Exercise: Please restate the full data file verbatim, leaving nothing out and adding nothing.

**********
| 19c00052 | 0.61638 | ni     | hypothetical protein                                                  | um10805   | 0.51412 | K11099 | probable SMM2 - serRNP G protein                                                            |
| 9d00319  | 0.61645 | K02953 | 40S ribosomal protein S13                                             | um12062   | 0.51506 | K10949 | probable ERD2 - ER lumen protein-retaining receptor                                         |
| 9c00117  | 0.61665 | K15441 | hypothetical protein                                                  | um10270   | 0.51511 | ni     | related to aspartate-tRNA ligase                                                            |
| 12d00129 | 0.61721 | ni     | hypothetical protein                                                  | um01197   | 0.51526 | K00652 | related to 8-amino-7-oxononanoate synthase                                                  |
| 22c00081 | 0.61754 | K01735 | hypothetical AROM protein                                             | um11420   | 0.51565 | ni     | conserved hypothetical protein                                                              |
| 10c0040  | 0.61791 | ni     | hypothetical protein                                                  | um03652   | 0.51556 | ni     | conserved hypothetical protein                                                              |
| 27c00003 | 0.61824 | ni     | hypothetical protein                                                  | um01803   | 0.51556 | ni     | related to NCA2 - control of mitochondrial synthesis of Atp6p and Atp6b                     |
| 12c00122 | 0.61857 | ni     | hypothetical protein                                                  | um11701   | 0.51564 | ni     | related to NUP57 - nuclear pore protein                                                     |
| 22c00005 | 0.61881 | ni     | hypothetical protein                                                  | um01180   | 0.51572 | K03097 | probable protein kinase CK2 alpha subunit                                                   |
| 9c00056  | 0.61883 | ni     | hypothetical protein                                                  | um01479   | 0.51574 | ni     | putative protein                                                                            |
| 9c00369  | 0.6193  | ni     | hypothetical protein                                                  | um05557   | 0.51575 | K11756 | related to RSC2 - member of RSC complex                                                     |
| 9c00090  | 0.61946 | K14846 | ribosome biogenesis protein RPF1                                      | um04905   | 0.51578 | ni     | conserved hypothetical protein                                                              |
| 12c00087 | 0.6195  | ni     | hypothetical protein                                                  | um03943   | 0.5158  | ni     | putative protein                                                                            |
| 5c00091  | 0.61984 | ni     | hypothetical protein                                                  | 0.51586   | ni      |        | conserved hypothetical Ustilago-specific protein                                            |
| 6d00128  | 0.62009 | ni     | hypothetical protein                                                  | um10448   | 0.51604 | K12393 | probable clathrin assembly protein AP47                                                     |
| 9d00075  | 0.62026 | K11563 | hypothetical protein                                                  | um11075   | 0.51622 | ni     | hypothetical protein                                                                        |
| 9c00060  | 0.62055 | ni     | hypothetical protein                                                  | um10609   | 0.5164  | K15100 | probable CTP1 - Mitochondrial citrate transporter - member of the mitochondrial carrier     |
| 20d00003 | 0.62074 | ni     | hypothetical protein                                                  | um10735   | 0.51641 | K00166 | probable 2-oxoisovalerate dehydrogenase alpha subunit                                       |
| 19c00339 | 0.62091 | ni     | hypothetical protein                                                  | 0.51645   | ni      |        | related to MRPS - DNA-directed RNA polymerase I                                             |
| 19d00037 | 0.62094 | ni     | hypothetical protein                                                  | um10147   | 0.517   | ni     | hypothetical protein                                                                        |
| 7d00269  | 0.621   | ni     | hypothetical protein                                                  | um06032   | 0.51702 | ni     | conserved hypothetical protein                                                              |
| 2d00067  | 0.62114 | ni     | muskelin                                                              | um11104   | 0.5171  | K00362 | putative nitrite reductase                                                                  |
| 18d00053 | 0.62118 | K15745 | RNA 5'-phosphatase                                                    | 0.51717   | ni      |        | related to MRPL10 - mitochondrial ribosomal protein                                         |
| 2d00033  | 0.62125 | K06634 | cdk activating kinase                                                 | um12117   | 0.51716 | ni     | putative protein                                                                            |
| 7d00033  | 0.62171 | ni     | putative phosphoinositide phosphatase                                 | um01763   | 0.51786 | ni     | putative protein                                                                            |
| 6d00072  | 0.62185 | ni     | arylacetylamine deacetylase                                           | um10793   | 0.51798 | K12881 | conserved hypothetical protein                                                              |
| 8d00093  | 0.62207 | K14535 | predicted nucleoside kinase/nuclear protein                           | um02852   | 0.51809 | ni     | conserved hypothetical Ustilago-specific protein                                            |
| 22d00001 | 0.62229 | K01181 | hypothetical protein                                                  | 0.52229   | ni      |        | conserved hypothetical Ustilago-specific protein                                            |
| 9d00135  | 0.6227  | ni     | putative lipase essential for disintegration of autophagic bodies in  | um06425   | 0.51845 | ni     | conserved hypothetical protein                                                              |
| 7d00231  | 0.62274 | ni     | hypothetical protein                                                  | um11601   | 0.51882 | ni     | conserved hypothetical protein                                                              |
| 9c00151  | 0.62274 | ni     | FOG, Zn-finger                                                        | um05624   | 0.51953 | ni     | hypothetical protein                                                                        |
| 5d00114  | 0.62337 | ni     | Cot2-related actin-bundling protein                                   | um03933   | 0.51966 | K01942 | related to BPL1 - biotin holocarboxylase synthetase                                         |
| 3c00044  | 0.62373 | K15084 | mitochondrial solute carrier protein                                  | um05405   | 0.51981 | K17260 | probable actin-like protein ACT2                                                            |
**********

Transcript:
| 19c00052 | 0.61638 | ni     | hypothetical protein                                                  | um10805   | 0.51412 | K11099 | probable SMM2 - serRNP G protein                                                            |
| 9d00319  | 0.61645 | K02953 | 40S ribosomal protein S13                                             | um12062   | 0.51506 | K10949 | probable ERD2 - ER lumen protein-retaining receptor                                         |
| 9c00117  | 0.61665 | K15441 | hypothetical protein                                                  | um10270   | 0.51511 | ni     | related to aspartate-tRNA ligase                                                            |
| 12d00129 | 0.61721 | ni     | hypothetical protein                                                  | um01197   | 0.51526 | K00652 | related to 8-amino-7-oxononanoate synthase                                                  |
| 22c00081 | 0.61754 | K01735 | hypothetical AROM protein                                             | um11420   | 0.51565 | ni     | conserved hypothetical protein                                                              |
| 10c0040  | 0.61791 | ni     | hypothetical protein                                                  | um03652   | 0.51556 | ni     | conserved hypothetical protein                                                              |
| 27c00003 | 0.61824 | ni     | hypothetical protein                                                  | um01803   | 0.51556 | ni     | related to NCA2 - control of mitochondrial synthesis of Atp6p and Atp6b                     |
| 12c00122 | 0.61857 | ni     | hypothetical protein                                                  | um11701   | 0.51564 | ni     | related to NUP57 - nuclear pore protein                                                     |
| 22c00005 | 0.61881 | ni     | hypothetical protein                                                  | um01180   | 0.51572 | K03097 | probable protein kinase CK2 alpha subunit                                                   |
| 9c00056  | 0.61883 | ni     | hypothetical protein                                                  | um01479   | 0.51574 | ni     | putative protein                                                                            |
| 9c00369  | 0.6193  | ni     | hypothetical protein                                                  | um05557   | 0.51575 | K11756 | related to RSC2 - member of RSC complex                                                     |
| 9c00090  | 0.61946 | K14846 | ribosome biogenesis protein RPF1                                      | um04905   | 0.51578 | ni     | conserved hypothetical protein                                                              |
| 12c00087 | 0.6195  | ni     | hypothetical protein                                                  | um03943   | 0.5158  | ni     | putative protein                                                                            |
| 5c00091  | 0.61984 | ni     | hypothetical protein                                                  | 0.51586   | ni      |        | conserved hypothetical Ustilago-specific protein                                            |
| 6d00128  | 0.62009 | ni     | hypothetical protein                                                  | um10448   | 0.51604 | K12393 | probable clathrin assembly protein AP47                                                     |
| 9d00075  | 0.62026 | K11563 | hypothetical protein                                                  | um11075   | 0.51622 | ni     | hypothetical protein                                                                        |
| 9c00060  | 0.62055 | ni     | hypothetical protein                                                  | um10609   | 0.5164  | K15100 | probable CTP1 - Mitochondrial citrate transporter - member of the mitochondrial carrier     |
| 20d00003 | 0.62074 | ni     | hypothetical protein                                                  | um10735   | 0.51641 | K00166 | probable 2-oxoisovalerate dehydrogenase alpha subunit                                       |
| 19c00339 | 0.62091 | ni     | hypothetical protein                                                  | 0.51645   | ni      |        | related to MRPS - DNA-directed RNA polymerase I                                             |
| 19d00037 | 0.62094 | ni     | hypothetical protein                                                  | um10147   | 0.517   | ni     | hypothetical protein                                                                        |
| 7d00269  | 0.621   | ni     | hypothetical protein                                                  | um06032   | 0.51702 | ni     | conserved hypothetical protein                                                              |
| 2d00067  | 0.62114 | ni     | muskelin                                                              | um11104   | 0.5171  | K00362 | putative nitrite reductase                                                                  |
| 18d00053 | 0.62118 | K15745 | RNA 5'-phosphatase                                                    | 0.51717   | ni      |        | related to MRPL10 - mitochondrial ribosomal protein                                         |
| 2d00033  | 0.62125 | K06634 | cdk activating kinase                                                 | um12117   | 0.51716 | ni     | putative protein                                                                            |
| 7d00033  | 0.62171 | ni     | putative phosphoinositide phosphatase                                 | um01763   | 0.51786 | ni     | putative protein                                                                            |
| 6d00072  | 0.62185 | ni     | arylacetylamine deacetylase                                           | um10793   | 0.51798 | K12881 | conserved hypothetical protein                                                              |
| 8d00093  | 0.62207 | K14535 | predicted nucleoside kinase/nuclear protein                           | um02852   | 0.51809 | ni     | conserved hypothetical Ustilago-specific protein                                            |
| 22d00001 | 0.62229 | K01181 | hypothetical protein                                                  | 0.52229   | ni      |        | conserved hypothetical Ustilago-specific protein                                            |
| 9d00135  | 0.6227  | ni     | putative lipase essential for disintegration of autophagic bodies in  | um06425   | 0.51845 | ni     | conserved hypothetical protein                                                              |
| 7d00231  | 0.62274 | ni     | hypothetical protein                                                  | um11601   | 0.51882 | ni     | conserved hypothetical protein                                                              |
| 9c00151  | 0.62274 | ni     | FOG, Zn-finger                                                        | um05624   | 0.51953 | ni     | hypothetical protein                                                                        |
| 5d00114  | 0.62337 | ni     | Cot2-related actin-bundling protein                                   | um03933   | 0.51966 | K01942 | related to BPL1 - biotin holocarboxylase synthetase                                         |
| 3c00044  | 0.62373 | K15084 | mitochondrial solute carrier protein                                  | um05405   | 0.51981 | K17260 | probable actin-like protein ACT2                                                            |